DJ Maddy Barber snagged her husband by faking interest in rock climbing

11 April 2014 / 2 years 6 months ago

Headphones on, hands on the console, eyes scanning four screens of music tracks and audio controls, Maddy Barber belts out the chorus of Cruise by Florida George. She is ready to wrap up another morning show for radio station Kiss92 FM.

"I got my windows down and the radio up," she sings along with the track on air, segueing smoothly into her final patter and cueing in co-hosts Jason Johnson and Arnold Gay.

After 19 years in radio and media, the 40-year-old DJ has good reason to be loud and proud of it.

According to an article in The Straits Times, she is assistant programme director of Kiss92, which means her stamp is on its playlist. Her girl-next-door charm and relatable on-air persona are among the reasons why the SPH UnionWorks station has listeners tuning in longer than other English-language stations here.

She has come a long way from the greenhorn 20something who landed a job at MediaCorp's 98.7FM in the mid-1990s and it has not been easy.

Married since 2005 to IT consultant Wez Barber, 36, with whom she has an eight-year-old daughter, Alicia, she juggled career with being a single mother for 10 years. She declines to talk about the father of her 17-year-old daughter Elizabeth.

At age 19, a family friend, who ran a modelling agency, asked her to emcee some of the shows. "Every time I did this, people would come up to me and say: 'You're good, really good voice', so I felt I might be cut out for radio."

Two years later, fresh out of poly, she answered an audition call and was hired for 98.7FM. "I faked my personality so much, they hired me," she says with a laugh. "Did you hear how much I sucked in the beginning?"

There were plenty of "dead-air" minutes as she shuffled CDs around the changer - "I'm the only woman in the world who can't multi-task," she says - but what got her hauled over the coals was changing the playlist.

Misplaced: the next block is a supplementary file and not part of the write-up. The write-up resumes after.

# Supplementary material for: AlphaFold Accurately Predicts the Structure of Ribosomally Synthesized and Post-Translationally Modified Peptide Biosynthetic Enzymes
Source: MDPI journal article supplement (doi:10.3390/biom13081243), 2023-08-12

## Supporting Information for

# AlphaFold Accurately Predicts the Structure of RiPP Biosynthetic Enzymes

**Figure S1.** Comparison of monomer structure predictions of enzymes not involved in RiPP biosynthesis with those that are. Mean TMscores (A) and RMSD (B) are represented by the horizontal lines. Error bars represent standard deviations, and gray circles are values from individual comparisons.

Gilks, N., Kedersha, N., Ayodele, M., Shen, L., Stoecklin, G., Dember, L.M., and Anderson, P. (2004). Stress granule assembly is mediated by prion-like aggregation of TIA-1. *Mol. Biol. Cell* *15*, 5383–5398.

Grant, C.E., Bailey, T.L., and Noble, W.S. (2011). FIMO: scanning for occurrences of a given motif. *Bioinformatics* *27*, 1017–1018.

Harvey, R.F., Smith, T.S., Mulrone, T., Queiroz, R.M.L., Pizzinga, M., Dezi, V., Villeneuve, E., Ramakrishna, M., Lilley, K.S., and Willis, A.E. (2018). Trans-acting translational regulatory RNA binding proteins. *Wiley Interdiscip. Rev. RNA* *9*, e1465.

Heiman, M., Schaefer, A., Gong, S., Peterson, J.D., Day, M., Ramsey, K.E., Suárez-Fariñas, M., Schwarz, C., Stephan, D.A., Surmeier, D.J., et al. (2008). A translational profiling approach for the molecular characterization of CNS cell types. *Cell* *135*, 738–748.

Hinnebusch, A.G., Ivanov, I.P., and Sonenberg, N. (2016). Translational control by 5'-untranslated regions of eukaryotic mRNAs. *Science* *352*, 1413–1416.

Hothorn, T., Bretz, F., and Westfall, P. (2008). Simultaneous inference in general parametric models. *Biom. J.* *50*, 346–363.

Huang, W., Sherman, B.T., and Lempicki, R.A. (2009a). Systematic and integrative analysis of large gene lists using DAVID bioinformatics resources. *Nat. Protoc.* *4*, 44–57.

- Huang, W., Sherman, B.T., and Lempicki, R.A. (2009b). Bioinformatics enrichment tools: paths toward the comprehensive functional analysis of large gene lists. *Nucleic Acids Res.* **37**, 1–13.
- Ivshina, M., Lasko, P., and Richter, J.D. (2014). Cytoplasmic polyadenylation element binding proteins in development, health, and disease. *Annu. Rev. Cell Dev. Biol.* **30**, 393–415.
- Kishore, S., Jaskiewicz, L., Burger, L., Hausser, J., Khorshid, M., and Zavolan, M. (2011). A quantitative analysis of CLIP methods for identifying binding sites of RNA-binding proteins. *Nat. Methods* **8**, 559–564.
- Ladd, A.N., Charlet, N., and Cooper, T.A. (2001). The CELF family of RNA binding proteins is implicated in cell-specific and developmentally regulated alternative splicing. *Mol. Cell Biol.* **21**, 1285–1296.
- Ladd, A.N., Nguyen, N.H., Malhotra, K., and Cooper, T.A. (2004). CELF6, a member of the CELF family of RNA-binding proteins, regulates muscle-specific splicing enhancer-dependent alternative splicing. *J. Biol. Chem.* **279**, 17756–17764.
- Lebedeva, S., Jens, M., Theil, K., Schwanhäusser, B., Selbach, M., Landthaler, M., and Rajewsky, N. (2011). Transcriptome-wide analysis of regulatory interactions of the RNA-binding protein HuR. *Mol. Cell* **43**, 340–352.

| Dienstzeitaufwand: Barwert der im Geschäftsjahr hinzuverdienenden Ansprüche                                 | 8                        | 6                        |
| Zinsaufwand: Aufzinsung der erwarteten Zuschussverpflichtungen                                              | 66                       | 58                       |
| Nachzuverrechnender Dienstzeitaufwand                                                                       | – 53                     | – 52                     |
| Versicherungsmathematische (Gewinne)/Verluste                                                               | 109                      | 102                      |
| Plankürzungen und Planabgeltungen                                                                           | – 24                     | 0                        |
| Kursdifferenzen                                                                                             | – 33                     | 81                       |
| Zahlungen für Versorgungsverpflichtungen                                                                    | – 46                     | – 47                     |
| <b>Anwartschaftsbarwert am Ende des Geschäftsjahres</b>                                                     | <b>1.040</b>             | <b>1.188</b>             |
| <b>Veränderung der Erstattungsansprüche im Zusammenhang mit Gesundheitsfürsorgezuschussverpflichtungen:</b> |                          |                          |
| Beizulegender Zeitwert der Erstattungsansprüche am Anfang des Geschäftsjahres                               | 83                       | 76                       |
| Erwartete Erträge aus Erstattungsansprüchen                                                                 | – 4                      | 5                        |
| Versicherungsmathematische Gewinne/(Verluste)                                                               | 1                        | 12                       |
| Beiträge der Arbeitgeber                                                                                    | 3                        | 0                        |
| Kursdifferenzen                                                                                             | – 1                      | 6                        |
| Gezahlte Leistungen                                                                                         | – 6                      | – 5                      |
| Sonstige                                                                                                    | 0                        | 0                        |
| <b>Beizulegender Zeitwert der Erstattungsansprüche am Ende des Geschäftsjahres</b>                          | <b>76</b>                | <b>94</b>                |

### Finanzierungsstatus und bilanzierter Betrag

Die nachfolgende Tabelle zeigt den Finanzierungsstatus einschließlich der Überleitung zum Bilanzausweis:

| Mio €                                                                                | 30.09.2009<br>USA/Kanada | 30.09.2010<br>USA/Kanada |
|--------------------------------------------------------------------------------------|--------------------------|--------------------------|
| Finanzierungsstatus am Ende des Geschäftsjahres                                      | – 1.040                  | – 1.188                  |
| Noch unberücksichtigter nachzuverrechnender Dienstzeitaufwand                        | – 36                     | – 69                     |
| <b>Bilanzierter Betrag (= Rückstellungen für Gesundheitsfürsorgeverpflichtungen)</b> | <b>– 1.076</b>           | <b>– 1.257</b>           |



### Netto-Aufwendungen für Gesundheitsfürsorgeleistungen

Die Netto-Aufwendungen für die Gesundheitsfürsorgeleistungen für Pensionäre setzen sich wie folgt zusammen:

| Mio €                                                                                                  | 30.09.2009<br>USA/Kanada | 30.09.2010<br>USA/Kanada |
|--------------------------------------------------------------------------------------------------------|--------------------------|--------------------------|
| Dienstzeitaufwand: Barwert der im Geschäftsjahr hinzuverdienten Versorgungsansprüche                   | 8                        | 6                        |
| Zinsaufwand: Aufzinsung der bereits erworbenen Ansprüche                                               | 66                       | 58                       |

Instead of the scheduled soft pop mix approved by the programme director as suitable for the 6am hour, she played Song 2 by Blur, a high-energy piece which begins with a head-banging drum solo and heart-stoppingly loud "Woohoo!".

"I played it because I thought my boss wasn't around. He was."

The lowest point came when she was pregnant with her first daughter and was put on "float shift", so she had no regular gig of her own. "One jock even said: 'You don't have your own show, what's the point?' I said: 'It's okay, I'm new.'"

Things began looking up a bit as she was seconded to work on the morning show with Klass. He was a veteran then, with six years at radio station Rediffusion. He took Barber under his wing, giving her tips on how to present herself both on and off the air.

Since that time, she has enjoyed working in a team as much as, if not more than, working alone.

"You can be relatively good on your own but when you find the right partner, you go from mediocre to great," she says.

In 1997, she was offered the role of Mei, the girl next door, in director Glen Goei's movie homage to disco, Forever Fever. She left radio to take the role and also appeared in Channel 5 teen drama Spin in 1999.

Next came a year-long job in Mumbai as a radio consultant and then around eight years in Bangkok, first as a programme director for Virgin Radio for five years and then a real-estate broker.

Moving to Thailand was a deliberate decision to take more responsibility for parenting Elizabeth. Her parents had been helping out with childcare and Barber felt this should change.

"At some point, I looked at her and thought: 'She's turning into my parents' kid.' I couldn't afford to live on my own here, so the only way was to look for a company that would post me overseas."

In Thailand, she met her husband Wez on an Internet forum for expats.

"It was so hard to meet people otherwise. I was a single mum, I didn't go out partying much."

At their condo in the east, Mr Barber, a permanent resident originally from Yorkshire, toasts sandwiches for lunch and says his wife dated him under false pretences. "I was into rock climbing, she faked interest in rock climbing. She was very clever, we didn't go rock climbing until the fourth date. I haven't been climbing since."

It is clearly a running joke between them, with his dry humour trumping her squealing denials. He still proposed within six months and they were married in 2005.

In 2009, they returned to Singapore so the children could be enrolled in local schools. Klass recommended her for a gig at Hot FM91.3 and she switched over to Kiss92 when it started.

Her favourite simile is "a DJ is like fine wine, you get better as you age" and she banks on building relationships rather than wowing listeners with shock stunts. "Radio is a lot more than just going there and talking. You have to be interesting and relatable. You need to be able to convey the message," she says.

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